If I could know within my heart
That you were lonely too
I would be happy just to hold the hands I love
Upon this winter night with you

When Laura Spink settled into the first phrases of the song, Gord lowered his head to his arms.  As she toned the delicate words of love, he remained still on the table.  At the final chord, he raised himself and applauded.  What was the dear man thinking as she sang?  Was it a lover long gone?  Was it sadness?  Was it peace?  To be watching him as the story unfolded was a blessing.

Lightfoot is an ordinary human being and an extraordinary poet.  We are the richer for him being with us.

***

Back to the teens.  I was only partway through my post as the bell came close.  I was happy … so happy.  I had talked to them as I typed away, sharing the decisions I was making on the fly.  I told them that my biggest word in writing is “trust”.  I know that good words will come from my fingers.  It may take time, but they’ll be there.  What I write needs to “sing” to me, or there’s no sense in creating it.  Other fine words are “real” and “natural”.  Nothing forced.  Sitting back at times and letting what wants to emerge bubble out.

I encouraged these young folks to listen inside for their passion.  For some of them, it’s clear already, not so for others.  And be willing to let that passion morph into something else if it wants to.  Write or sing or dance or play or build what pleases you and intend that your creations contribute to human beings.

I know that I’m on the planet to love people and make them laugh.  May all of us see why we’re here.

 

I Include You As Well

No one left out. That’s been a mantra of mine for many years. But do I really mean it? Are there any human beings on the planet, or who were here, that I flat out reject?

Shouldn’t I condemn mean people, especially those who have caused countless deaths, rather than feeling into whatever pain they agonized in? I detest cruel behaviour but should I also condemn the perpetrators to the agony of hell? I say that I need to honour the humanity of everyone … no exceptions.

I’ve seen this quote before, and it still goes deep inside me:

“An unknown poet left the following beautiful prayer beside the body of a dead child at the Ravensbrück death camp during a recent era of unspeakable human darkness:”

O Lord, remember not only the men and women of good will
But also those of ill will
But do not remember all the suffering they inflicted on us
Remember the fruits we have bought thanks to this suffering
Our comradeship, our loyalty, our humility
Our courage, our generosity
The greatness of heart which has grown out of all this
And when they come to judgment
Let all the fruits which we have borne be their forgiveness

Let us forgive, not the behaviour but the person, including these figures of history:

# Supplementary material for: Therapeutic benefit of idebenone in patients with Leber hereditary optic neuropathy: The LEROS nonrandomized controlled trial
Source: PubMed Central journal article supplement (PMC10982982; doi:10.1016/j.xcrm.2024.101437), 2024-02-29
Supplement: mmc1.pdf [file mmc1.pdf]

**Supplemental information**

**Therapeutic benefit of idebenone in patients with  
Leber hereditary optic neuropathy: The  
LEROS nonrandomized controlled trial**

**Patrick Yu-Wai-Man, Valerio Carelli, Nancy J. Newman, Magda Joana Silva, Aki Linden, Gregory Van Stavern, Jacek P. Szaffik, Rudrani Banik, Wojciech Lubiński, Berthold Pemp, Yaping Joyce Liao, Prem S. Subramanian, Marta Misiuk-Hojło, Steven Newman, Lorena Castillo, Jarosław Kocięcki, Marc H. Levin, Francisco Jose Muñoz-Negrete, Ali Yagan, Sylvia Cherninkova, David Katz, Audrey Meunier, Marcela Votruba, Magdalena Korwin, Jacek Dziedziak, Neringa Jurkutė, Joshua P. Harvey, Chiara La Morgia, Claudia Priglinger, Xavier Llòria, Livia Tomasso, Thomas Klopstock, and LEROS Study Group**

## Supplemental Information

Idi Amin, Uganda

Amin’s rule was characterized by rampant human rights abuses, political repression, ethnic persecution, extrajudicial killings, nepotism, corruption and gross economic mismanagement. The number of people killed as a result of his regime is estimated by international observers and human rights groups to range from 100,000 to 500,000.

Adolf Hitler, Germany

Under Hitler’s leadership and racially motivated ideology, the Nazi regime was responsible for the genocide of at least 5.5 million Jews and millions of other victims whom he and his followers deemed “untermenschen” (subhumans) or socially undesirable. Hitler and the Nazi regime were also responsible for the killing of an estimated 19.3 million civilians and prisoners of war.

Pol Pot, Cambodia

Pol Pot became the dictator of Cambodia in 1975. His government forcibly relocated the urban population to the countryside to work on collective farms. Those regarded as enemies of the new government were killed. These mass killings, coupled with malnutrition, strenuous working conditions and poor medical care, killed between 1.5 and 3 million people of a population of roughly 8 million, a period later termed the Cambodian genocide. Marxist-Leninists unhappy with Pol Pot’s government encouraged Vietnamese intervention. However Pol Pot forced Vietnam’s hand by attacking villages in Vietnam and massacring their villagers.

I also remember reading the story of two former prisoners who shared the same jailer:

“Have you forgiven him?”

“What?! No. Never.”

“Then I guess you’re still in prison.”

May we be free

Extraordinary Ordinary Folks

I was walking down Weston Road in Toronto yesterday and told myself that I needed a hot dog. I didn’t, really. What I wanted was a visit with Rosina. She and her husband George own a tiny restaurant called God Blesses Canada. My history there has been yummy ice cream cones but my shivering bones weren’t up for that particular menu item. A hot dog would do nicely.

Rosina came out from behind the counter to greet me, and once I had unbundled from my winter togs, she gave me a big smile. How lovely to be remembered.

We must have talked for fifteen minutes before I got around to ordering anything. Rosina’s calm reminded me of the folks in Senegal, and I reminisced about their beauty. She was interested in my journey and was happy that I had been welcomed so.

“Any kidnapping of white folks in Senegal?” Ouch. “No, not at all.” > “It’s a big problem where I’m from – Nigeria. I don’t want to go back. Canada is home.”

Rosina told me about her mother. The family lived in the jungle. The women were naked. The men wore some large leaves around the middle to cover the naughty bits. When mom was 12, a man of maybe 25 returned to the home village from the big city, looking for a wife. He picked Rosina’s mother. It was arranged that the girl would live with him in the city. She and her grandma travelled there. The girl, and maybe both of them, entered the city with no clothes on. Can you imagine the trauma and disorientation for the child? The new husband swiftly found her some garments.